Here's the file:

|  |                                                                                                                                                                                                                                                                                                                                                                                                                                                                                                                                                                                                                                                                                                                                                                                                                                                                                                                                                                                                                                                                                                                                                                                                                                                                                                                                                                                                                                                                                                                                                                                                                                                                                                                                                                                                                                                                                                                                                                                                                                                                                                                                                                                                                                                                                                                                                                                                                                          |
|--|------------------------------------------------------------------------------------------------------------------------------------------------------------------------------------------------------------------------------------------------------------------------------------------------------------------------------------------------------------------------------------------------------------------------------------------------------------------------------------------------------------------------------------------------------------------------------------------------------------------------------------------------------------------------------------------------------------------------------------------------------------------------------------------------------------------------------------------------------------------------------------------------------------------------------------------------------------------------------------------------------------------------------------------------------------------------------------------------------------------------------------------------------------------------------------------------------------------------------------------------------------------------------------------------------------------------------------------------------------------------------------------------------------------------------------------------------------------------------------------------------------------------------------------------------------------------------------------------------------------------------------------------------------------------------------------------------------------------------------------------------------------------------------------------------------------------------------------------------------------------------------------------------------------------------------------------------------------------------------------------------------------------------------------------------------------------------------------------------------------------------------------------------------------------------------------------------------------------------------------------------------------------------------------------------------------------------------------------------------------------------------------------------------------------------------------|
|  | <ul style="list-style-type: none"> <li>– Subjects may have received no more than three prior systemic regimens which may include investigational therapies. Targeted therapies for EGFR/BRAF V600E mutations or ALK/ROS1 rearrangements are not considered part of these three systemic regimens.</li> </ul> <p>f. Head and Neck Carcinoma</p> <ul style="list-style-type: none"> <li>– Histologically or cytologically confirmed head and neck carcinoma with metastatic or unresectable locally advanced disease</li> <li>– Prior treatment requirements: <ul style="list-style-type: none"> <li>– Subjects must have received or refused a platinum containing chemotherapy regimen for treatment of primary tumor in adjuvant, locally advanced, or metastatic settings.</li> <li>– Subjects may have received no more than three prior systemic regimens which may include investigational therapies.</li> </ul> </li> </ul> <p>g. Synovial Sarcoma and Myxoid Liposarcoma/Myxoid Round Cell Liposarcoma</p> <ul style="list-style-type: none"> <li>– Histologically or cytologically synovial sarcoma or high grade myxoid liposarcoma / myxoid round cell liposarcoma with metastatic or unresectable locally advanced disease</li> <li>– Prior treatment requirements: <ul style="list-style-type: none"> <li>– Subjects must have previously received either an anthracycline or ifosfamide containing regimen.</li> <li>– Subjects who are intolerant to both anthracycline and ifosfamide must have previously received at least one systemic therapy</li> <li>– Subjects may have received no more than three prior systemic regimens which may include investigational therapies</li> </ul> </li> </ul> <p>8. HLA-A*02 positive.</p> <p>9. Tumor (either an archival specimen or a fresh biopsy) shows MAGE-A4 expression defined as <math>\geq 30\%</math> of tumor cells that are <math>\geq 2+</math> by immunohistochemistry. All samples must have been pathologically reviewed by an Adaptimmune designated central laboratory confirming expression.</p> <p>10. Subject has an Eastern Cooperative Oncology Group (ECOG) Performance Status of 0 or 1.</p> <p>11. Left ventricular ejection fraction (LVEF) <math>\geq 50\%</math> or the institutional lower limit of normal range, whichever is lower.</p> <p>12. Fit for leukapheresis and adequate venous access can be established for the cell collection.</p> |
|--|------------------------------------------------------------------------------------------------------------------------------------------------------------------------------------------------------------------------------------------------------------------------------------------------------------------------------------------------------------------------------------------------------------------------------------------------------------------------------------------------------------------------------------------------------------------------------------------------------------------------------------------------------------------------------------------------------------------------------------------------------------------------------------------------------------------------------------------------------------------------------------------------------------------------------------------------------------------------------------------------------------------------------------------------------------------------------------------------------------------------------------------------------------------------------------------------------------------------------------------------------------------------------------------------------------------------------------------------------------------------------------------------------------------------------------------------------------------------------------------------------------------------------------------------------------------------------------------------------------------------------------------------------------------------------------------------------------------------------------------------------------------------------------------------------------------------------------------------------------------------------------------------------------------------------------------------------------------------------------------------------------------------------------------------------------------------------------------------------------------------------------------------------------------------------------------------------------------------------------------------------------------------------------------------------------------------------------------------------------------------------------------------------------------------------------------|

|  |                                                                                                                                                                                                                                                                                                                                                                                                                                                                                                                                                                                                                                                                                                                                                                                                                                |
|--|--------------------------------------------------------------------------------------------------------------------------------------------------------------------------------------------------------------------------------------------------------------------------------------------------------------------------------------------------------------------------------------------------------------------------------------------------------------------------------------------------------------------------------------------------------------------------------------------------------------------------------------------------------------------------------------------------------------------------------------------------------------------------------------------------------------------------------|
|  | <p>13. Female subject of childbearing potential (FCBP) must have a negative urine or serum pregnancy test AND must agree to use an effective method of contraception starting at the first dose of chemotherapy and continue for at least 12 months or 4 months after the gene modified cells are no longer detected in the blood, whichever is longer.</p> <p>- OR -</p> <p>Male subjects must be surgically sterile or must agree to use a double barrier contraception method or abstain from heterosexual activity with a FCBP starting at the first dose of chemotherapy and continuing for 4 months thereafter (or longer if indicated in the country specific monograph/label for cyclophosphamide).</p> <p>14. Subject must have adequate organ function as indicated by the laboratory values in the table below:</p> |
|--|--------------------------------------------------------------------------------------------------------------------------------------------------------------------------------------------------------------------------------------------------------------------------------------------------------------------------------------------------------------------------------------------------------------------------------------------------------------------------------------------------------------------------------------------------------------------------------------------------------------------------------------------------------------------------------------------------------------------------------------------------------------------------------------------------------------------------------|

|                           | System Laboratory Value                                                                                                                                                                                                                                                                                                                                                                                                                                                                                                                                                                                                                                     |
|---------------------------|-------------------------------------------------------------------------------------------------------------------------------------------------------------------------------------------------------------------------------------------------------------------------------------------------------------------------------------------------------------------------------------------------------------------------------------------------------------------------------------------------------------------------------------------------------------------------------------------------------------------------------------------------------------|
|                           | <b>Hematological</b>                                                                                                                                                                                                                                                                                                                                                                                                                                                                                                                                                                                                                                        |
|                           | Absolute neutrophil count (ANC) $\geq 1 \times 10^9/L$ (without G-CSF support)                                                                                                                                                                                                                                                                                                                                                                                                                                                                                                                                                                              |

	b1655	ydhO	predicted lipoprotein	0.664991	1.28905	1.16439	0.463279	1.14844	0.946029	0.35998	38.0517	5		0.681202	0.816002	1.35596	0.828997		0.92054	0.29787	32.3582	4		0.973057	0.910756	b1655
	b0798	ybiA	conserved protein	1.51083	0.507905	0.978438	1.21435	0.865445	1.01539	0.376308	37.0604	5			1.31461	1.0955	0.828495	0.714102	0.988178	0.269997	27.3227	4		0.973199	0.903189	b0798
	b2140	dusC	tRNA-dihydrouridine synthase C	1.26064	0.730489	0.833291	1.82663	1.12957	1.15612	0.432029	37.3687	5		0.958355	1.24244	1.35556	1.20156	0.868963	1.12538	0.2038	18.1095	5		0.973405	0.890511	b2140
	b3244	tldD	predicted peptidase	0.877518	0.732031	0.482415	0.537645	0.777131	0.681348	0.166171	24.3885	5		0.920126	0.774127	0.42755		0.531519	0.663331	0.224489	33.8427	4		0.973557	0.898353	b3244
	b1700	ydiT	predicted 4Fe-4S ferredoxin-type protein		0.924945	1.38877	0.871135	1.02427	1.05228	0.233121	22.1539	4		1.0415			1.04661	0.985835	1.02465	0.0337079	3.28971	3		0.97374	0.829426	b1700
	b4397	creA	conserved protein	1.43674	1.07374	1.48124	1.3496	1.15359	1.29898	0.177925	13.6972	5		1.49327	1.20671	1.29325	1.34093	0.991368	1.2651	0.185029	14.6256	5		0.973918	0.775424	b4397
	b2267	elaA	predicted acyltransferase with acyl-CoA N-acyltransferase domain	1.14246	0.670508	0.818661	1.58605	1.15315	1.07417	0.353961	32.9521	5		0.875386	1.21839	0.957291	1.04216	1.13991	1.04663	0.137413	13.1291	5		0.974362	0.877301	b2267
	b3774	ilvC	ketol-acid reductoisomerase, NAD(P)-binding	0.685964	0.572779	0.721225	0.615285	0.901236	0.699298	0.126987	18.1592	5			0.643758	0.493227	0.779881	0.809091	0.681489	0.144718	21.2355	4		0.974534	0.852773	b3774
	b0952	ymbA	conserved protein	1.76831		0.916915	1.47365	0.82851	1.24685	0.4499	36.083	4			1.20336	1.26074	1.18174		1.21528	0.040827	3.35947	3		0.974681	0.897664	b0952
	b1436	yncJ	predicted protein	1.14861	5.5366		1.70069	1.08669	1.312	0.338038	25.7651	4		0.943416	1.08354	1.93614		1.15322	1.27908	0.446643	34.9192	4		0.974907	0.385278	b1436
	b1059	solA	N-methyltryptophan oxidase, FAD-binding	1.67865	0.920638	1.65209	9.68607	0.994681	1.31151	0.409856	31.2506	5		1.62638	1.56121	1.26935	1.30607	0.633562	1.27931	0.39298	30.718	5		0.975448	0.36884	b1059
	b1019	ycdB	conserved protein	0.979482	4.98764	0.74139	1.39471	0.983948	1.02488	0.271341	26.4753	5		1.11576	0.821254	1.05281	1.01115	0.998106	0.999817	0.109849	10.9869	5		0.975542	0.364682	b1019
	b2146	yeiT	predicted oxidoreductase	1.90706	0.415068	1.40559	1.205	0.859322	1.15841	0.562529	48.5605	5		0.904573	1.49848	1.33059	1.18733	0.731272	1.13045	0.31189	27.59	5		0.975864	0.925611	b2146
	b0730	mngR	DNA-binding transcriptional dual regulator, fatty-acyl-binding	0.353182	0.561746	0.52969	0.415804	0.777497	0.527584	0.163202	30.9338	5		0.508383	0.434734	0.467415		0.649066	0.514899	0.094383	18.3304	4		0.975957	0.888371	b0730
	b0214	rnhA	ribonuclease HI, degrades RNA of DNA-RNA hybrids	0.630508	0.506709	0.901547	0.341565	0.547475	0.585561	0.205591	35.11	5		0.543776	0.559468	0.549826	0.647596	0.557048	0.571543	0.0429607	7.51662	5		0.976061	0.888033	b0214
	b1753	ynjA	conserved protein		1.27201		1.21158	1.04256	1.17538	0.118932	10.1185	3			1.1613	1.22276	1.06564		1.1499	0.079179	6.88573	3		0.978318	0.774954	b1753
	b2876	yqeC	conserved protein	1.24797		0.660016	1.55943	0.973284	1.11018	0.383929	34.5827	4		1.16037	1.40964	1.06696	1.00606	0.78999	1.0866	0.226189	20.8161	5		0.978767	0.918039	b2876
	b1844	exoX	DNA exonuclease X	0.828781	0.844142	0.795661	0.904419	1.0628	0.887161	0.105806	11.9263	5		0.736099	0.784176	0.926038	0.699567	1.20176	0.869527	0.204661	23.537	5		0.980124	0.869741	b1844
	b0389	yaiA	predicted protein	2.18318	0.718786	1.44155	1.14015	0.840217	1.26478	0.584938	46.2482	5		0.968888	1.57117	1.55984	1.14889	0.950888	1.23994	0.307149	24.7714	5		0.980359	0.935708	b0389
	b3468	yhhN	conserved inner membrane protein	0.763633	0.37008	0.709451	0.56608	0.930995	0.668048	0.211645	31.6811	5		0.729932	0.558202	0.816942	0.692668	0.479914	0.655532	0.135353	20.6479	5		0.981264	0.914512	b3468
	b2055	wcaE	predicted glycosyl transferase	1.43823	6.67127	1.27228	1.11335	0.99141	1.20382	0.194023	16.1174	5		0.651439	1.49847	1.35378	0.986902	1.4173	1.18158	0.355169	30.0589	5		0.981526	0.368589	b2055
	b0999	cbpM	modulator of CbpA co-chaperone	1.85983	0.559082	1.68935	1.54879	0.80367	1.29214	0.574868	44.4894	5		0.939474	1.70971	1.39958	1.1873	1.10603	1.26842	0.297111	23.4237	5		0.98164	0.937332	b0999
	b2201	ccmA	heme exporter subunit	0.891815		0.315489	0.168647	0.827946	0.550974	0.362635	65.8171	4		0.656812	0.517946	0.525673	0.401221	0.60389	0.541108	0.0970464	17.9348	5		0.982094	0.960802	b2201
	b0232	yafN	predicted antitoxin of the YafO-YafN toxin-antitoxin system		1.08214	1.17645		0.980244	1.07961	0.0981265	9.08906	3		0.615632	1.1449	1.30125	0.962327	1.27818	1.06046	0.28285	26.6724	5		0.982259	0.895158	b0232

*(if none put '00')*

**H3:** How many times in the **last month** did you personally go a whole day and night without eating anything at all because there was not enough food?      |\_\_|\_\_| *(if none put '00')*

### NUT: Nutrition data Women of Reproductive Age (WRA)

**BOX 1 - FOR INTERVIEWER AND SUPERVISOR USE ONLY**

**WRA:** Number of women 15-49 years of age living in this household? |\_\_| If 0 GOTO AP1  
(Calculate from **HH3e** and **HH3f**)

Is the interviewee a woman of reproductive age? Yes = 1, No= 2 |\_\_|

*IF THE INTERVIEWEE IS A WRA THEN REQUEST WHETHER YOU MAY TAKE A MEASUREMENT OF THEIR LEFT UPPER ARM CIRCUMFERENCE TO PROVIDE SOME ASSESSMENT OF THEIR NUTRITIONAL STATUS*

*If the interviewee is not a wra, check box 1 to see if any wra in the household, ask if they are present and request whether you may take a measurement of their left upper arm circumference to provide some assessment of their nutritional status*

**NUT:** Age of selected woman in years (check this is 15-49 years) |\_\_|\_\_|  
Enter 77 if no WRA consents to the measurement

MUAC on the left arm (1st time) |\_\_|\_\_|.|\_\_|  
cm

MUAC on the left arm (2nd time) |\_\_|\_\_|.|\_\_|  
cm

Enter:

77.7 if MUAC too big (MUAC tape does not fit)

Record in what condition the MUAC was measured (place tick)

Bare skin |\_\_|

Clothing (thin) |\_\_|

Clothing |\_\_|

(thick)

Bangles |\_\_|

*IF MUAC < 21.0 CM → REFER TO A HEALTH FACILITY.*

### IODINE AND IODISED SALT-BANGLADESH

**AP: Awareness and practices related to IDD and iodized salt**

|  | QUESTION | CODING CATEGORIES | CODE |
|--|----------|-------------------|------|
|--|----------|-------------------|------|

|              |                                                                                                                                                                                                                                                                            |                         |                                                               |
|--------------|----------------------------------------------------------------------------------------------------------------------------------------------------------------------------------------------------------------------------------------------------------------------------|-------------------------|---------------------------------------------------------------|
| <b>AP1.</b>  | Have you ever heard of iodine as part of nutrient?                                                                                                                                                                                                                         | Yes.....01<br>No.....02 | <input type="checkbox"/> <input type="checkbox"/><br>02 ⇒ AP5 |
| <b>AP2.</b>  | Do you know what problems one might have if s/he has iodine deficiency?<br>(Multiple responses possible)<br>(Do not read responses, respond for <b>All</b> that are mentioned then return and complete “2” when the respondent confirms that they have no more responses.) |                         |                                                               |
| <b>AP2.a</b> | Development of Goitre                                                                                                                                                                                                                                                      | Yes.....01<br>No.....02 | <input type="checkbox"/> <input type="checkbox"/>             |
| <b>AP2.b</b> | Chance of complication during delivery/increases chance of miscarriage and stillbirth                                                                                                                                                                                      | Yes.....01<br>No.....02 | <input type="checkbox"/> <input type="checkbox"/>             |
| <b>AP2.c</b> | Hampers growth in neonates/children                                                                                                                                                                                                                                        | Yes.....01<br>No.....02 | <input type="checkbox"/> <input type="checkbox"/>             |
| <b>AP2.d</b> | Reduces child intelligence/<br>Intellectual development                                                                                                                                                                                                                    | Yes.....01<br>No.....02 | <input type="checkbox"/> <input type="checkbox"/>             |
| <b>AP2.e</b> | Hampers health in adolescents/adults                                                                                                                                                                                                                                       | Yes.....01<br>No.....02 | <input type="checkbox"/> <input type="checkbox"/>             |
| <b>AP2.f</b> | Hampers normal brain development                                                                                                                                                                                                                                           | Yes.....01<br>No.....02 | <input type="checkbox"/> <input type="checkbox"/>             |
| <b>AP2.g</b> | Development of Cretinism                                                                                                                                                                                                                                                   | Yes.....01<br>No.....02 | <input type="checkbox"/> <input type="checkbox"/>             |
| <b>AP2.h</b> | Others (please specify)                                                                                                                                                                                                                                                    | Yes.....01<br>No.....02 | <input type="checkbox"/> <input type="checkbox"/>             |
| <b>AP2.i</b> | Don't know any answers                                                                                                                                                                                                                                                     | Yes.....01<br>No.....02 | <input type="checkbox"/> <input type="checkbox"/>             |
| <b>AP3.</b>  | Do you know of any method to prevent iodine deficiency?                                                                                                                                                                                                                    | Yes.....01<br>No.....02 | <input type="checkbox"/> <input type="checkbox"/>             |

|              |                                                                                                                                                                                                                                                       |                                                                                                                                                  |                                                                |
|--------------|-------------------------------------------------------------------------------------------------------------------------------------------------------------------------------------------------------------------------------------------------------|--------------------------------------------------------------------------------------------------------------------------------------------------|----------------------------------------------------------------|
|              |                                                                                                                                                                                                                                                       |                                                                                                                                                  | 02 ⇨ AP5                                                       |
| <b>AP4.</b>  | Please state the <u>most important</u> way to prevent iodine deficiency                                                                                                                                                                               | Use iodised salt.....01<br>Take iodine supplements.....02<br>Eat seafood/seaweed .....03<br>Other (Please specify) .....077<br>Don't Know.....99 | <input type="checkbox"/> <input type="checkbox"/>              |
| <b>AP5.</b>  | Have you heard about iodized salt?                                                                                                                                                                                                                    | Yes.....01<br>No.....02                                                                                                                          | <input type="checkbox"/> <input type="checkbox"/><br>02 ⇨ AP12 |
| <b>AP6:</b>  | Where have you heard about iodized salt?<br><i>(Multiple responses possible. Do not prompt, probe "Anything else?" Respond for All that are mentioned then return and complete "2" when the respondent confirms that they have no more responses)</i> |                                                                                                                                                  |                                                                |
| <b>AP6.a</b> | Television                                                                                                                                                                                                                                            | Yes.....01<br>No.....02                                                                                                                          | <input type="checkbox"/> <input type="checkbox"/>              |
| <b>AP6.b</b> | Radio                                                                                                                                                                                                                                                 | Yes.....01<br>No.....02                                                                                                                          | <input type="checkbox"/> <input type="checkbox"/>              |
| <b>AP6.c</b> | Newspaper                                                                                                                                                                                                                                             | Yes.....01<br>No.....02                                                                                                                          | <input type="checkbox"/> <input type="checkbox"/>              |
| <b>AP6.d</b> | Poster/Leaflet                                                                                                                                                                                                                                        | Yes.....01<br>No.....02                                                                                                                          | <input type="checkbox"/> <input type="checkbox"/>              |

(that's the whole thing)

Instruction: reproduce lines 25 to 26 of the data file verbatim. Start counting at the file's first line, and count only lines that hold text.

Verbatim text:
	b2146	yeiT	predicted oxidoreductase	1.90706	0.415068	1.40559	1.205	0.859322	1.15841	0.562529	48.5605	5		0.904573	1.49848	1.33059	1.18733	0.731272	1.13045	0.31189	27.59	5		0.975864	0.925611	b2146
	b0730	mngR	DNA-binding transcriptional dual regulator, fatty-acyl-binding	0.353182	0.561746	0.52969	0.415804	0.777497	0.527584	0.163202	30.9338	5		0.508383	0.434734	0.467415		0.649066	0.514899	0.094383	18.3304	4		0.975957	0.888371	b0730